Island of the Exes
PEOPLE OFTEN SAY THAT PHILADELPHIA IS SMALL. This isn’t really true, because we’re a city of 135 square miles and around 1.5 million people. That’s not as many as there are in, say, Mumbai, but try to picture 1.5 million people all at once and you’ll see what I mean.
But Philadelphia feels small, and that is primarily because Philadelphians are always running into one another. It’s like on Lost — there they are, 48 people on this vast, uncharted island, but no one can do anything without being stumbled upon by Jin or Charlie. (Except Desmond. Where the hell is Desmond?)
Even with 1.5 million people and 135 square miles for me and Andrew Hohns to cruise around on, I still see the two-time state rep also-ran every single time I go to the South Street Whole Foods, although he doesn’t know it because I usually hide near the grains while he checks out.
This happens to everyone in Philadelphia. Not with Andrew Hohns, specifically, although I suppose that is possible, but with people they know. That’s because we all — lawyers, teachers, SEPTA workers, Taiwanese immigrants — have our own versions of Philadelphia, comprised of the blocks we walk on, the coffee shops and grocery stores we go to, and the people we know, a sort of sub-city of our own that seems to have an approximate population of 48.
This means dating and sex can be particularly fraught. Dating someone from outside your circle and meeting his or her friends can change your perception of the city, like discovering a new land with an indigenous population and completely different restaurants. I once went out with a guy from Andorra. Andorra! Who knew that was there? It was like Narnia.
But usually, it makes your world feel infinitely smaller. Sometimes, too small. Take this tale from Gavin*, in Center City. “I was dating this girl. She had had, like, two bi experiences in college, and she wanted to hook up with a woman or another couple,” he says. “We look through the Philadelphia Weekly personals — this was before Craig’s List — and we end up meeting this couple, Sophie and Donald. We go out to dinner with them, and it’s all oddly normal. Sophie’s telling us about other couples they’ve met, and she says, ‘Actually, last week we met another guy named Gavin. But he’s a lot older than you. His wife’s name is Katrina. They really like to dance,’ and at that point, alarm bells started going off, because I was sure that was my dad.”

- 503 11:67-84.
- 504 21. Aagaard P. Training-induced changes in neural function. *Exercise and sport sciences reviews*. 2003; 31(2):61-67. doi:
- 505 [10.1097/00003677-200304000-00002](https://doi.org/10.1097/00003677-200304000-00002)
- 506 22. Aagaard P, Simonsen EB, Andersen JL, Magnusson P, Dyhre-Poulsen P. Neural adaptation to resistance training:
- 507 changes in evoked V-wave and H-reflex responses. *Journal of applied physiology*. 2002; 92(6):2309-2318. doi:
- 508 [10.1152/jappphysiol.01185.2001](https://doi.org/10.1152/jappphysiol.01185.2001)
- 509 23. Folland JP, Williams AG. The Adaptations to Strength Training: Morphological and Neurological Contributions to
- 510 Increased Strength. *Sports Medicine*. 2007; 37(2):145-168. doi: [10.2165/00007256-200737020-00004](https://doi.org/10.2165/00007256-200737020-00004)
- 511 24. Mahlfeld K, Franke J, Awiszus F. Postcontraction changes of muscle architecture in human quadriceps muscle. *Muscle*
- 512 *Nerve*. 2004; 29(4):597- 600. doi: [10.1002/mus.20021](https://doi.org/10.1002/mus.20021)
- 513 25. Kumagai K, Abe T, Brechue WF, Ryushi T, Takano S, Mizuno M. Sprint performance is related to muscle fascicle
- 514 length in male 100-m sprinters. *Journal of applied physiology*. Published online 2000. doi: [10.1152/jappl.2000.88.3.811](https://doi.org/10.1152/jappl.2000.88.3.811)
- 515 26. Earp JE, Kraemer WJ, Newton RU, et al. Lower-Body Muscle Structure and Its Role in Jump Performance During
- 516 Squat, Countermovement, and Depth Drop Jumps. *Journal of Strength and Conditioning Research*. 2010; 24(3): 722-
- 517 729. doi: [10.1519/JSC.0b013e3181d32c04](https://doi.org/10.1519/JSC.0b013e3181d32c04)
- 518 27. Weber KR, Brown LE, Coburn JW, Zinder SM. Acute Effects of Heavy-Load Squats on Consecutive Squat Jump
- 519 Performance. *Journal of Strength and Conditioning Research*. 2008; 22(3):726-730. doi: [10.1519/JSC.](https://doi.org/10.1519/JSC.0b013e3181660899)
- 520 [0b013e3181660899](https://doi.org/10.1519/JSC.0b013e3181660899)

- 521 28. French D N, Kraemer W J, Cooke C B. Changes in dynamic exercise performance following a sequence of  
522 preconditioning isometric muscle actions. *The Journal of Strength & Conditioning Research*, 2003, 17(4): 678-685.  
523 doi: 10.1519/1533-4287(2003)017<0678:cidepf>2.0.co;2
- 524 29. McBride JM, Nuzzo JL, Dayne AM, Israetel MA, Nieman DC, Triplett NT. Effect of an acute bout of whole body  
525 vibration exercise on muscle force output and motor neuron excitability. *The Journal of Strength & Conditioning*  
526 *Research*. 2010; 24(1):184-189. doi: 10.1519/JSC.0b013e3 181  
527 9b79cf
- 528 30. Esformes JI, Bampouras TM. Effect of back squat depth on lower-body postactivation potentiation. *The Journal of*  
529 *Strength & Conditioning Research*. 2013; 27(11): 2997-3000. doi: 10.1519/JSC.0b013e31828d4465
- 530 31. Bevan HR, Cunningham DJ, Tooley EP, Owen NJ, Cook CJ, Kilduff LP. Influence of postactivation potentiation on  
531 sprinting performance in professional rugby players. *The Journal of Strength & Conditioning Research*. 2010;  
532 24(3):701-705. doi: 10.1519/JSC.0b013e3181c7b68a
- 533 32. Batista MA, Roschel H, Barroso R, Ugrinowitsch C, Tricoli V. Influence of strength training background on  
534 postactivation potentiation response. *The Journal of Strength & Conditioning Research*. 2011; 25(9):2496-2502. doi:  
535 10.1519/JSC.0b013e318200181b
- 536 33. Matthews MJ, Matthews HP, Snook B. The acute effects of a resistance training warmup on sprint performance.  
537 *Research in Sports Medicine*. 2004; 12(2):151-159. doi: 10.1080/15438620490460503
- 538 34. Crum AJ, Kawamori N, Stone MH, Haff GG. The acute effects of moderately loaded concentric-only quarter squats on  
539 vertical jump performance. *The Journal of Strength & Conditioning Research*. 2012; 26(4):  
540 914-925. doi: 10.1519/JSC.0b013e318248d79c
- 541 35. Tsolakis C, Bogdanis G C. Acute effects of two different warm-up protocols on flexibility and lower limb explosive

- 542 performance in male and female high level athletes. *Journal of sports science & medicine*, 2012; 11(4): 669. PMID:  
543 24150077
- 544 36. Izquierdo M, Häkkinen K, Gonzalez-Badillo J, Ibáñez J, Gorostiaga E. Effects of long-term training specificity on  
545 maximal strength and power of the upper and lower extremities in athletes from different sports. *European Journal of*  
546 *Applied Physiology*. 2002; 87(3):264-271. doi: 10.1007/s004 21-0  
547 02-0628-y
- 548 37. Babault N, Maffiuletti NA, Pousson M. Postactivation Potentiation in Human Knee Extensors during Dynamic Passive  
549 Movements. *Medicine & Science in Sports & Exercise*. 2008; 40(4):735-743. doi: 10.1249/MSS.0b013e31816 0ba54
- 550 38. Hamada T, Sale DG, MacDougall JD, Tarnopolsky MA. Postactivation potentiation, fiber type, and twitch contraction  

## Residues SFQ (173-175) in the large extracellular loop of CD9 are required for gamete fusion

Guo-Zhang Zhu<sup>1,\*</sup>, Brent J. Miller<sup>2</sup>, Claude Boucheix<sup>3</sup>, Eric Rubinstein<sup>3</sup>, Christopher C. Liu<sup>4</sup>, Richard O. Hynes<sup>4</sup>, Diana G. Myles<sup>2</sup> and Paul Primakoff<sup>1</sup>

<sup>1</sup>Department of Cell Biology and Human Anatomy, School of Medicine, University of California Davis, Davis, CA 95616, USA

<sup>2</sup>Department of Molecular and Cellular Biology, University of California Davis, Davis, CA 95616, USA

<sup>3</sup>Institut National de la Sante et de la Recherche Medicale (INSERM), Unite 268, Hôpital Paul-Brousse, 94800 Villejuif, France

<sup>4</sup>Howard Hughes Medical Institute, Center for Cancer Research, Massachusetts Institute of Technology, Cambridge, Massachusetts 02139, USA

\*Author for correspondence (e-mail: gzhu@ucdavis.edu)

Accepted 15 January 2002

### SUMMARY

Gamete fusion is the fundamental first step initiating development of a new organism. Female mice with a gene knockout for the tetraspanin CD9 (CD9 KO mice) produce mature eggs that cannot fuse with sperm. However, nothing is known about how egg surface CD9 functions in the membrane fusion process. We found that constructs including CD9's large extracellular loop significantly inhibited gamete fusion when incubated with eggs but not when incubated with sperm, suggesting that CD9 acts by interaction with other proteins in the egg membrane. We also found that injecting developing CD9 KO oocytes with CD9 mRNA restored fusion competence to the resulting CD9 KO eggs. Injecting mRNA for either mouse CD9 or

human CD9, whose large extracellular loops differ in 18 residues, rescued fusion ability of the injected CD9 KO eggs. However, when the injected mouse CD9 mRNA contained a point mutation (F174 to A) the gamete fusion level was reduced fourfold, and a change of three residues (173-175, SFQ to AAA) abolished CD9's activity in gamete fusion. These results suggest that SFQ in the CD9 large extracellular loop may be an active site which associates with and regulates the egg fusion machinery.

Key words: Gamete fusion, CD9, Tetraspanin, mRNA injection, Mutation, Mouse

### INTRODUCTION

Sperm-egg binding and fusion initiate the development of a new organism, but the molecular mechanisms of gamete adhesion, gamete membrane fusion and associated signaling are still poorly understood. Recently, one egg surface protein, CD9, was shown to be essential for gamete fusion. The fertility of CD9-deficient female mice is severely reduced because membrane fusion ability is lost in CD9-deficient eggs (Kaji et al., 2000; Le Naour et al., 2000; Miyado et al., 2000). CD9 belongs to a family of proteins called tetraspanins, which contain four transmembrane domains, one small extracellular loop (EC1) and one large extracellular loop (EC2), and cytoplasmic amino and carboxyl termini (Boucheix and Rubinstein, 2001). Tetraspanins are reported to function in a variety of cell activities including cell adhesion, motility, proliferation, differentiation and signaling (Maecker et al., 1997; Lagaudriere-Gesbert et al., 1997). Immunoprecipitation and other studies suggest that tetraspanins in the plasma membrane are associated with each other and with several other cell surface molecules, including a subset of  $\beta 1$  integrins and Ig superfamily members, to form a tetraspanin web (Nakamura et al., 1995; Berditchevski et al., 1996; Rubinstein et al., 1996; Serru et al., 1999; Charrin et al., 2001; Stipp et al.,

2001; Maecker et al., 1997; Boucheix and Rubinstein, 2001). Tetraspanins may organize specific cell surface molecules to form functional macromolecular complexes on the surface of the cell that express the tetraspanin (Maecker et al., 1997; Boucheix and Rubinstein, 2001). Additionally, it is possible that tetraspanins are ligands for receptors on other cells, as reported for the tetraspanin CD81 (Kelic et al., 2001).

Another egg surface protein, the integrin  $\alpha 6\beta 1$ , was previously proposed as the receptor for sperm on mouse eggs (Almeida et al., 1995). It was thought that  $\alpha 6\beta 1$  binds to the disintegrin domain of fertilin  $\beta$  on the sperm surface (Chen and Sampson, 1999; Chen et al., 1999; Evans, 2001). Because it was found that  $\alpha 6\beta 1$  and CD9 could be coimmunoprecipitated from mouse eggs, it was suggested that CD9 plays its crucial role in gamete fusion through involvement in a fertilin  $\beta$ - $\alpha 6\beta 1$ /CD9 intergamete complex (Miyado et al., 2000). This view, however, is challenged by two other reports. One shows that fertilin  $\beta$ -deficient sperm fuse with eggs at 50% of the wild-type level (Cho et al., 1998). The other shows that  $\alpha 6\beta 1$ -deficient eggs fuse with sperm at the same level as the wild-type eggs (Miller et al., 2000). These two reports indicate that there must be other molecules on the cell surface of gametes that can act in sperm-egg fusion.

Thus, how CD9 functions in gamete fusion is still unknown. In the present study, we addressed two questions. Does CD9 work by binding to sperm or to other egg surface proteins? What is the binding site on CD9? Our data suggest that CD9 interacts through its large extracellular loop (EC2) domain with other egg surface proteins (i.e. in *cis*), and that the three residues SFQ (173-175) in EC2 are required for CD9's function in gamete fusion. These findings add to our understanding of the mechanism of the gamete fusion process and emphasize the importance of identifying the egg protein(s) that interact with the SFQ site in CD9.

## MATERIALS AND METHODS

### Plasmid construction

But wait — there’s more. “Okay, not long after that, I meet this guy who runs swinger parties at this big place in South Philly. Sex out in the open isn’t my thing, but he asked if I could help out and I said yes. It was all done very seriously: We had a security guy at the door, we took IDs, and we had these walkie-talkies. One night I was upstairs, and the guy at the door radios me. He’s like, ‘Gavin, this is really weird, but there’s this middle-aged guy out here, and he has the same name as you on his license.’ I freaked out. I was like, ‘No! No! Dude, you absolutely cannot let him into the party.’ He didn’t, thank God.” He paused, anguished. “I didn’t even know my dad read the Philadelphia Weekly.”
Gavin quit swinging not long after that, and he never discussed what had happened with his father. “The swinger scene is small anywhere,” he says, “but I think in New York, that would have taken, like, a year to happen. Here, it happened right away.”
Luckily, very few of us will ever have an experience so scarring. Most single people in Philadelphia just exist with constant, low-grade awkwardness. Like Chris in Center City, who knew exactly whom his girlfriend slept with before they dated — because she’d had a one-night stand with his best friend. Kathy, who’s from Malvern, J-dated one guy and, soon after, J-dated his brother. And Mara’s past three exes have, independently of her, started hanging out together. “Whenever I see them, they’re all together, like this little club of guys who have seen me naked,” she says.
THE UPSIDE OF ALL THIS CLOSENESS IS, for starters, it’s pretty easy to find out who’s carrying what venereal disease.